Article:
It’s judgement day for Pakistan’s cricket captain, Inzamam ul-Haq, with the start of the long-delayed hearing into the accusations of ball tampering and bringing the game into disrepute that surfaced in the infamous forfeited Test five weeks ago.

The hearing is taking place at The Oval, where the match was – and, more to the point, wasn’t – played, and evidence has been taken (overnight, our time) from everybody involved, including umpires Darrell Hair and Billy Doctrove, the third and fourth umpires, the umpires’ coach and the ICC’s head of umpiring. Meanwhile, ul-Haq brought along representatives from a legal team, the Pakistan coach, manager, national chairman, a couple of teammates and even some witnesses for the defence, Geoffrey Boycott, Simon Hughes and John Hampshire. Written statements from three English players were also taken account.

The whole shebang is being chaired by the ICC’s chief referee, Sri Lankan Ranjan Madugalle who has the unhappy job of trying to work out whether the Pakistan team was out of line. Darrell Hair, who penalised the Pakistan team for ball-tampering, didn’t actually see anybody working on the ball illegally, and Doctrove’s statement seems to suggest he was less than certain of what had happened and what should be done.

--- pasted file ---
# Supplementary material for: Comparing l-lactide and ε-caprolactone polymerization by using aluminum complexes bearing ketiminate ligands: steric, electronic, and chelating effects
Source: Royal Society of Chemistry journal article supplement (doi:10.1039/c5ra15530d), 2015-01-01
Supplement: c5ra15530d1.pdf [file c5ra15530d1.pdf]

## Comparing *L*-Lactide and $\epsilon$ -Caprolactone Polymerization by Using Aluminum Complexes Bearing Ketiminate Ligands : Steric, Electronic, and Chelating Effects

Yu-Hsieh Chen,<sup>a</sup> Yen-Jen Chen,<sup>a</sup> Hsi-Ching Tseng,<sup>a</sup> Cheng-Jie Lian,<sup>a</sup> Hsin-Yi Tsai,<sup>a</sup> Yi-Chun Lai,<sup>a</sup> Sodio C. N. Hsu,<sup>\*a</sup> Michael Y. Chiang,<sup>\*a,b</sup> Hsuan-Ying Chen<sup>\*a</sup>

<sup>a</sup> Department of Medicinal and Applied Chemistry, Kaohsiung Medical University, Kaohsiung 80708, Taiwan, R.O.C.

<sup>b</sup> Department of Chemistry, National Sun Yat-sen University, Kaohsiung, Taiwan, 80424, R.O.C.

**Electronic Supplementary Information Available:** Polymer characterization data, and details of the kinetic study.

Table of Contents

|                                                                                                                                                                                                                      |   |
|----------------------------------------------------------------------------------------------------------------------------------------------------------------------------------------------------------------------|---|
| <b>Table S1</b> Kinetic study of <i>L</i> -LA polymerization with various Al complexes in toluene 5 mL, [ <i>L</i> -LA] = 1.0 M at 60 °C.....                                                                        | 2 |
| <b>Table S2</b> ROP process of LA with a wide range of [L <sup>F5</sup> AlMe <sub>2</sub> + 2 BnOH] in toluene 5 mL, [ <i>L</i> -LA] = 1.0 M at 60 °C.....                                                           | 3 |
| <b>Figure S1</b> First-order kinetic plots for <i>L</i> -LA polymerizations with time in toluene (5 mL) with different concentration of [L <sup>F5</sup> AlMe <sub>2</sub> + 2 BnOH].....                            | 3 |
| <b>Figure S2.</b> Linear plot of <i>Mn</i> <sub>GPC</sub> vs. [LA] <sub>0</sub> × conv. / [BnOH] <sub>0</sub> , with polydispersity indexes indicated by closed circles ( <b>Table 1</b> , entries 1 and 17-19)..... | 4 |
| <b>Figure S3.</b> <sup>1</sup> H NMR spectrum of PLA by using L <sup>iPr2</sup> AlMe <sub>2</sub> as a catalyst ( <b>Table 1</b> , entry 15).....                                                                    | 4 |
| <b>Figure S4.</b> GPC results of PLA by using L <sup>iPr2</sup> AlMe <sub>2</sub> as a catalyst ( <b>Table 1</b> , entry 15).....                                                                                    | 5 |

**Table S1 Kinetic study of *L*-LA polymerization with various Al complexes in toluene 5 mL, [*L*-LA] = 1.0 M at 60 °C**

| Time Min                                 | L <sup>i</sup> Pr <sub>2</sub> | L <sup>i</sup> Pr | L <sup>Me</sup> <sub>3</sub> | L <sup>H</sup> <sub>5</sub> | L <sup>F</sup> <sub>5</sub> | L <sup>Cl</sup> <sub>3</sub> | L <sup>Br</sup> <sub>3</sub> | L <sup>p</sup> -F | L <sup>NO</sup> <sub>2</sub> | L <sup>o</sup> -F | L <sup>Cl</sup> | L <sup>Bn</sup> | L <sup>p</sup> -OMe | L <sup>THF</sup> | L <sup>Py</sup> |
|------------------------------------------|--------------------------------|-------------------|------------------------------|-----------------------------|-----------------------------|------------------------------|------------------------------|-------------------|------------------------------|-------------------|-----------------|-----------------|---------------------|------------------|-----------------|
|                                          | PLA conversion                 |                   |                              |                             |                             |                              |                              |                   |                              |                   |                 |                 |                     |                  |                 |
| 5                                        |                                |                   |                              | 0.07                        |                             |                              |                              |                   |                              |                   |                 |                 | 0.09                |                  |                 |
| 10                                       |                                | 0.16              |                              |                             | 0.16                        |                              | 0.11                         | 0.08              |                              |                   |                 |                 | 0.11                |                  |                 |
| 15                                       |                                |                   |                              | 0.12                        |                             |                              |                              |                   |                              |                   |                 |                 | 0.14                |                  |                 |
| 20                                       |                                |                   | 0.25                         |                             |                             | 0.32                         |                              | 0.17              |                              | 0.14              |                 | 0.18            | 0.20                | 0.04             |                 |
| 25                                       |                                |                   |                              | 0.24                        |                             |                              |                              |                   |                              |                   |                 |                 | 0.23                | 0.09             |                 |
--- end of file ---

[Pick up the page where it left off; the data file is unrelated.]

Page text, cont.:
The English media is so hyped up about the hearing that even the BBC gushed about every little thing, such as noting who arrived when, with such zingers as: “Inzamam headed to The Oval just after 0900 BST, just before umpire Darrell Hair turned up in a taxi. Hair said: ‘No comment — good to see you all’.” Gosh!

Madugalle will hear closed evidence on the second day of evidence and is expected to deliver a verdict by this time tomorrow. If found guilty, Inzamam’s maximum punishment for ball tampering could see him miss a Test or two one-dayers, and lose up to 100% of his match fee. The charge of bringing the game into disrepute could see him miss up to four Tests or eight one-dayers.

But Madugalle will know the actual penalties are neither here nor there. This case has divided the Asian and non-Asian sectors of the cricket world and a decision either way threatens to start a bushfire. Hair has already been hung out to dry by the ICC over clumsy attempts to get paid out and just go away, while Inzamam has complained loudly of his treatment. He insisted to The Guardian before the hearing that his conscience was clear.

It’s going to be a big 24 hours in the world of cricket.

Peter Fray

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